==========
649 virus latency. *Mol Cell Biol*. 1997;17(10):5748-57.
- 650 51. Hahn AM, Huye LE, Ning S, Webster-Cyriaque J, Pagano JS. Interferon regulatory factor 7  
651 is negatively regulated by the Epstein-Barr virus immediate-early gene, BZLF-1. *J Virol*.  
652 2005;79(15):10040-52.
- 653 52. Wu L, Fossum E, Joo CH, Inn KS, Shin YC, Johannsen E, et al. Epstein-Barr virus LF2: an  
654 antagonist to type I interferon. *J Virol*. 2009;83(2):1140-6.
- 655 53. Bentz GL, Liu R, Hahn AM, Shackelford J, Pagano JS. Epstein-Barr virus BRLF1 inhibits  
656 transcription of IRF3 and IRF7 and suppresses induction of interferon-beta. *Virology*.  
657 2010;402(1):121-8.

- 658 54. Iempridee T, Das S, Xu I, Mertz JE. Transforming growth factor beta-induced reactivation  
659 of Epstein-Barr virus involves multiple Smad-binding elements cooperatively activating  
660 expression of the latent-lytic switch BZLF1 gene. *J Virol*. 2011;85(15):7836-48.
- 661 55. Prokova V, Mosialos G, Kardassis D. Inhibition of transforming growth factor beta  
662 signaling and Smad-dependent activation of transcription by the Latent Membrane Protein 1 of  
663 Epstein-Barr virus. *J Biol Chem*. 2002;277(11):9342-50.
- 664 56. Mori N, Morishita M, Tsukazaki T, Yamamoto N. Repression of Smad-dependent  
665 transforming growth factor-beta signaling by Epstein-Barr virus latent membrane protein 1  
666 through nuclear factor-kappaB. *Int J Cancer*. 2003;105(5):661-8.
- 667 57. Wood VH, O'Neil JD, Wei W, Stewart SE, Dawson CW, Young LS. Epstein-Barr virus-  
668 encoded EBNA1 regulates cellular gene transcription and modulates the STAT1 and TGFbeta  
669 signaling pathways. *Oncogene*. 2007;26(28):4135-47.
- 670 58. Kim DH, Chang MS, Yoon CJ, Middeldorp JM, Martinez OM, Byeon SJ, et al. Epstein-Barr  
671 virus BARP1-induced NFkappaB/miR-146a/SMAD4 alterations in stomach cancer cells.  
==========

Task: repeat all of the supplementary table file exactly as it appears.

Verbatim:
649 virus latency. *Mol Cell Biol*. 1997;17(10):5748-57.
- 650 51. Hahn AM, Huye LE, Ning S, Webster-Cyriaque J, Pagano JS. Interferon regulatory factor 7  
651 is negatively regulated by the Epstein-Barr virus immediate-early gene, BZLF-1. *J Virol*.  
652 2005;79(15):10040-52.
- 653 52. Wu L, Fossum E, Joo CH, Inn KS, Shin YC, Johannsen E, et al. Epstein-Barr virus LF2: an  
654 antagonist to type I interferon. *J Virol*. 2009;83(2):1140-6.
- 655 53. Bentz GL, Liu R, Hahn AM, Shackelford J, Pagano JS. Epstein-Barr virus BRLF1 inhibits  
656 transcription of IRF3 and IRF7 and suppresses induction of interferon-beta. *Virology*.  
657 2010;402(1):121-8.

- 658 54. Iempridee T, Das S, Xu I, Mertz JE. Transforming growth factor beta-induced reactivation  
659 of Epstein-Barr virus involves multiple Smad-binding elements cooperatively activating  
660 expression of the latent-lytic switch BZLF1 gene. *J Virol*. 2011;85(15):7836-48.
- 661 55. Prokova V, Mosialos G, Kardassis D. Inhibition of transforming growth factor beta  
662 signaling and Smad-dependent activation of transcription by the Latent Membrane Protein 1 of  
663 Epstein-Barr virus. *J Biol Chem*. 2002;277(11):9342-50.
- 664 56. Mori N, Morishita M, Tsukazaki T, Yamamoto N. Repression of Smad-dependent  
665 transforming growth factor-beta signaling by Epstein-Barr virus latent membrane protein 1  
666 through nuclear factor-kappaB. *Int J Cancer*. 2003;105(5):661-8.
- 667 57. Wood VH, O'Neil JD, Wei W, Stewart SE, Dawson CW, Young LS. Epstein-Barr virus-  
668 encoded EBNA1 regulates cellular gene transcription and modulates the STAT1 and TGFbeta  
669 signaling pathways. *Oncogene*. 2007;26(28):4135-47.
- 670 58. Kim DH, Chang MS, Yoon CJ, Middeldorp JM, Martinez OM, Byeon SJ, et al. Epstein-Barr  
671 virus BARP1-induced NFkappaB/miR-146a/SMAD4 alterations in stomach cancer cells.  